• a higher penalty applies to an act or omission intentionally or recklessly committed,(i.e. where there is a 'fault' element), and
  • a lower penalty applies to the same act or omission on a strict liability basis, (i.e. where no 'fault' element needs to be proven).

Example 9A

Section 26 of the Excise Act prescribes that licensed manufacturers are to manufacture in accordance with the Act and their licence.

(1) A licensed manufacturer must not intentionally manufacture excisable goods knowing, or being reckless as to whether, the manufacture contravenes this Act or the manufacturer licence.

          Penalty: 2 years imprisonment or 500 penalty units.


(2) A licensed manufacturer must not manufacture excisable goods in contravention of this Act or the manufacturer licence.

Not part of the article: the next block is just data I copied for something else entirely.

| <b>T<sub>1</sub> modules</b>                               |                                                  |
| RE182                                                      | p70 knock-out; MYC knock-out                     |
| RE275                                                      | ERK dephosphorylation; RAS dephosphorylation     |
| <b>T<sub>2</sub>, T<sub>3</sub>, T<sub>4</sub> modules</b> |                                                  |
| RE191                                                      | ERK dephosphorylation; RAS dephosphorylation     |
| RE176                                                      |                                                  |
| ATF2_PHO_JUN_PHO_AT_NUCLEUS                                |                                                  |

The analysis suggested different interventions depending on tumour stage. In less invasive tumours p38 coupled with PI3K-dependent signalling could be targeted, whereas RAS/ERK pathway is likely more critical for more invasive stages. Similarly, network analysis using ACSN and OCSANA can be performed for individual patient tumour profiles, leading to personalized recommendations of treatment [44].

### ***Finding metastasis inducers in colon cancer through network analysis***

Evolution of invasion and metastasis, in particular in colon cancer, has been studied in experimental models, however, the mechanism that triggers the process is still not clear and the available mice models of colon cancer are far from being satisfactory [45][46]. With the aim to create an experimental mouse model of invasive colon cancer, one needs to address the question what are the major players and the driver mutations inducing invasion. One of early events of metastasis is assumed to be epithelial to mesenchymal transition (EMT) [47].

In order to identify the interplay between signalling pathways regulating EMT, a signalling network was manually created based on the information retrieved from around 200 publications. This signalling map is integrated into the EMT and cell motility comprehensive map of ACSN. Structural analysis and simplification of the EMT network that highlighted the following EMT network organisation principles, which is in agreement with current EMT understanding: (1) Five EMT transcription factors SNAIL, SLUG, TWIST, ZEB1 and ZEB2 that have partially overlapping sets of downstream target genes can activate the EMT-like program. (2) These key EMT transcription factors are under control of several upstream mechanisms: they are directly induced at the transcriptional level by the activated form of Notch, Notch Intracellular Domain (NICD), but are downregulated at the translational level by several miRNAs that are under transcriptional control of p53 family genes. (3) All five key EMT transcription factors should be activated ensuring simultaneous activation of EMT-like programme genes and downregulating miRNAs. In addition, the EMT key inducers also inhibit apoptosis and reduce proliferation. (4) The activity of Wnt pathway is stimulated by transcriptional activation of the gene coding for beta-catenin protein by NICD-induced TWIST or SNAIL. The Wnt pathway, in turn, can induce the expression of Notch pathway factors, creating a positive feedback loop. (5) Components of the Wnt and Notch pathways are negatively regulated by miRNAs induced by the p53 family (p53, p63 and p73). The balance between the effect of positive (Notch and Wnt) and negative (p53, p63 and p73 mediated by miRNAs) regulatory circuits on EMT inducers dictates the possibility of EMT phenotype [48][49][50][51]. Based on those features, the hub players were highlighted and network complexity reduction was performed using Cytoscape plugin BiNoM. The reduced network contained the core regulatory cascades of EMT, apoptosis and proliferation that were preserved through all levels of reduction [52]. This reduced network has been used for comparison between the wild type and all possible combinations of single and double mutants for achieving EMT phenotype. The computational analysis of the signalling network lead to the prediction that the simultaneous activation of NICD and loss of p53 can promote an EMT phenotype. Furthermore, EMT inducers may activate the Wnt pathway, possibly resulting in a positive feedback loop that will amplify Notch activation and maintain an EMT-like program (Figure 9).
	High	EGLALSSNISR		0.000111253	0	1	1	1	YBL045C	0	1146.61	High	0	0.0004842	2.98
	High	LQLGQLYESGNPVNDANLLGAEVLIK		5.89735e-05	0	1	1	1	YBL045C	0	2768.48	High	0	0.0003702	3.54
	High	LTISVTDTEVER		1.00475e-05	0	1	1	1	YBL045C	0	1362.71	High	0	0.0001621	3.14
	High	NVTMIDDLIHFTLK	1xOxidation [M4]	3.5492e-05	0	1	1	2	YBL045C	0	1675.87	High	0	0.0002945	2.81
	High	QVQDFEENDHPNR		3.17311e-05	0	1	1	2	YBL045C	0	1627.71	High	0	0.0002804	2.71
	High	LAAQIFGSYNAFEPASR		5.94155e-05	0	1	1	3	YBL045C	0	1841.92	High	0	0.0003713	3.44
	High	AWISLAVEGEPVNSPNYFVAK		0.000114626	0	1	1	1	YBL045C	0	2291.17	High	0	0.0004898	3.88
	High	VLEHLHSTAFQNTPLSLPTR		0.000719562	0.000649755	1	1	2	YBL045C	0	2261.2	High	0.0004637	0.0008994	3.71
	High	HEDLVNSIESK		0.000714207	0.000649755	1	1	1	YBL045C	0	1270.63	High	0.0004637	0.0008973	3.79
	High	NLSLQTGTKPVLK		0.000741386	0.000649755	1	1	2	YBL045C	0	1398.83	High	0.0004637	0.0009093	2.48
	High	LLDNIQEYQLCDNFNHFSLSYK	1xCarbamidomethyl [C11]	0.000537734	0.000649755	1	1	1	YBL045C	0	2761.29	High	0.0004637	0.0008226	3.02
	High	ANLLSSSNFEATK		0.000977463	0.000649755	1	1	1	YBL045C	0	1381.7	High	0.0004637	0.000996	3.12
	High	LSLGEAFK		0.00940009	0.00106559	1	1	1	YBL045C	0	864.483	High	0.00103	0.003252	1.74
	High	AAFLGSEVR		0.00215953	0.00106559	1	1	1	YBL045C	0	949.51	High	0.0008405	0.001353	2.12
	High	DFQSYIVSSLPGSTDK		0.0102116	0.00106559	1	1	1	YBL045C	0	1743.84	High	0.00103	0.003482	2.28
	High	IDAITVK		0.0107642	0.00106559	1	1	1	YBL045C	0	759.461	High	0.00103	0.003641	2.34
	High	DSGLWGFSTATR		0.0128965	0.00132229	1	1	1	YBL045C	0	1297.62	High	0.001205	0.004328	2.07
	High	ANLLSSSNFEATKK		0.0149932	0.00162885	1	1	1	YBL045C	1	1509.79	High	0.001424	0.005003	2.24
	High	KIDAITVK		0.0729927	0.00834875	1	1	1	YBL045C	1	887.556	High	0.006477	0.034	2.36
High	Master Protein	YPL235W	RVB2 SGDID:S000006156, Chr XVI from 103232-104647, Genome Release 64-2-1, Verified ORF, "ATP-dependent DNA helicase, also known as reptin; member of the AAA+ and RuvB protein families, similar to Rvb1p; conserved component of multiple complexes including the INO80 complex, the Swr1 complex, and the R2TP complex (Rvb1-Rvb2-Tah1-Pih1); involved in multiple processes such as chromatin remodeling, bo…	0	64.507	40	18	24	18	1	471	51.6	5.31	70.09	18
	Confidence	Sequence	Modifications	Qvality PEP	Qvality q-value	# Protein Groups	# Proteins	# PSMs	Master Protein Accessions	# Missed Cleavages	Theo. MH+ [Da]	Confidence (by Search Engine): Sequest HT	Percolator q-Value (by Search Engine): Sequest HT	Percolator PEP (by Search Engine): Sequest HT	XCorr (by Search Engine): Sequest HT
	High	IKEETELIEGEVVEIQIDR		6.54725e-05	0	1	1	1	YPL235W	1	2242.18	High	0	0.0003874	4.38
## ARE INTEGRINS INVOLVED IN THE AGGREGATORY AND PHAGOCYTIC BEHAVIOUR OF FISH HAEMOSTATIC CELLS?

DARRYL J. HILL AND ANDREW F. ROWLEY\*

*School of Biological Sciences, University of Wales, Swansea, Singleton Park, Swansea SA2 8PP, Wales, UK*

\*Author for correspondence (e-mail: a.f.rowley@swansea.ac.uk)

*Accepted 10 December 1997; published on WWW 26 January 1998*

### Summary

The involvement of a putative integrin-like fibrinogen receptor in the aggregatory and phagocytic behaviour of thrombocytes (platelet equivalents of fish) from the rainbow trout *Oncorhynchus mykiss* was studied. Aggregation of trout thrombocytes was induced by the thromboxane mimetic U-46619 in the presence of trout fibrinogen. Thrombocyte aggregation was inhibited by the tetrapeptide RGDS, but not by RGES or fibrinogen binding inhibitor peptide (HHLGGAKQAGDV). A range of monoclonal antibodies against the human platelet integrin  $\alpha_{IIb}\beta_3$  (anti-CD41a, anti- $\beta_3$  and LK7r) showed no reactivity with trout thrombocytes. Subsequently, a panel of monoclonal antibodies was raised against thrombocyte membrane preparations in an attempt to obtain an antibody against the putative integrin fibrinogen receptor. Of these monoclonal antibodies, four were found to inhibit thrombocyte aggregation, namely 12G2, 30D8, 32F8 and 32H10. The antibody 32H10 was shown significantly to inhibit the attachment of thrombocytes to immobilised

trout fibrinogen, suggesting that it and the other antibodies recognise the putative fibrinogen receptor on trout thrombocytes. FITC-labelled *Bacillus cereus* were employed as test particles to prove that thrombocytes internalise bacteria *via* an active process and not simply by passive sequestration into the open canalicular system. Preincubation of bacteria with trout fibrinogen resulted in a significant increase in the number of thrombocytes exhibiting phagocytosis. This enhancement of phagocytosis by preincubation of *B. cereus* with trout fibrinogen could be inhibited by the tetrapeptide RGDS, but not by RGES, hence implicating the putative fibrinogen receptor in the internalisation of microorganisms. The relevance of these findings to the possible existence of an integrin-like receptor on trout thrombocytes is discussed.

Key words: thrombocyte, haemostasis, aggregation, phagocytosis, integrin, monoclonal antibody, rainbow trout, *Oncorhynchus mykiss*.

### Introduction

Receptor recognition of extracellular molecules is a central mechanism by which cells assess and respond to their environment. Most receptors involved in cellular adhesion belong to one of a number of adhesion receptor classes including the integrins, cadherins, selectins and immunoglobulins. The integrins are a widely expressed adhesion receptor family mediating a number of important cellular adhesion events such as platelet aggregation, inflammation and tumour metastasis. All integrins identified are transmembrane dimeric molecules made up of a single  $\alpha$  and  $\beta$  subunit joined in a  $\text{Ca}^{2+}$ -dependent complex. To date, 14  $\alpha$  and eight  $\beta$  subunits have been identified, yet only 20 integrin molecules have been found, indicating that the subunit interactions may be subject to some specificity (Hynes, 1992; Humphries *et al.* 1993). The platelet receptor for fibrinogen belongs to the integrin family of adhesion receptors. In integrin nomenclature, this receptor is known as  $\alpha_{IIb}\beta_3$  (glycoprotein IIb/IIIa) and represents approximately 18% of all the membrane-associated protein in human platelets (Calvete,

Penalty: 100 penalty units.

(3) Strict liability applies to subsection (2).


The Excise Act contains many provisions that include a penalty at the foot of the section or subsection. This means that if you are convicted of an offence against the particular provision then you can receive a penalty not exceeding the penalty mentioned. [239] The penalty listed is thus the maximum penalty but the courts can impose a lesser penalty.

Example 9B

A person manufactures excisable fuel products without a manufacturer licence. This is a contravention of subsection 25(2) of the Excise Act which says that a person shall not manufacture excisable goods without a manufacturer licence. The penalty at the foot of subsection 25(2) of the Excise act is 100 penalty units. We bring a court action against the person and the court convicts the person. The penalty cannot exceed 100 penalty units but it can be less.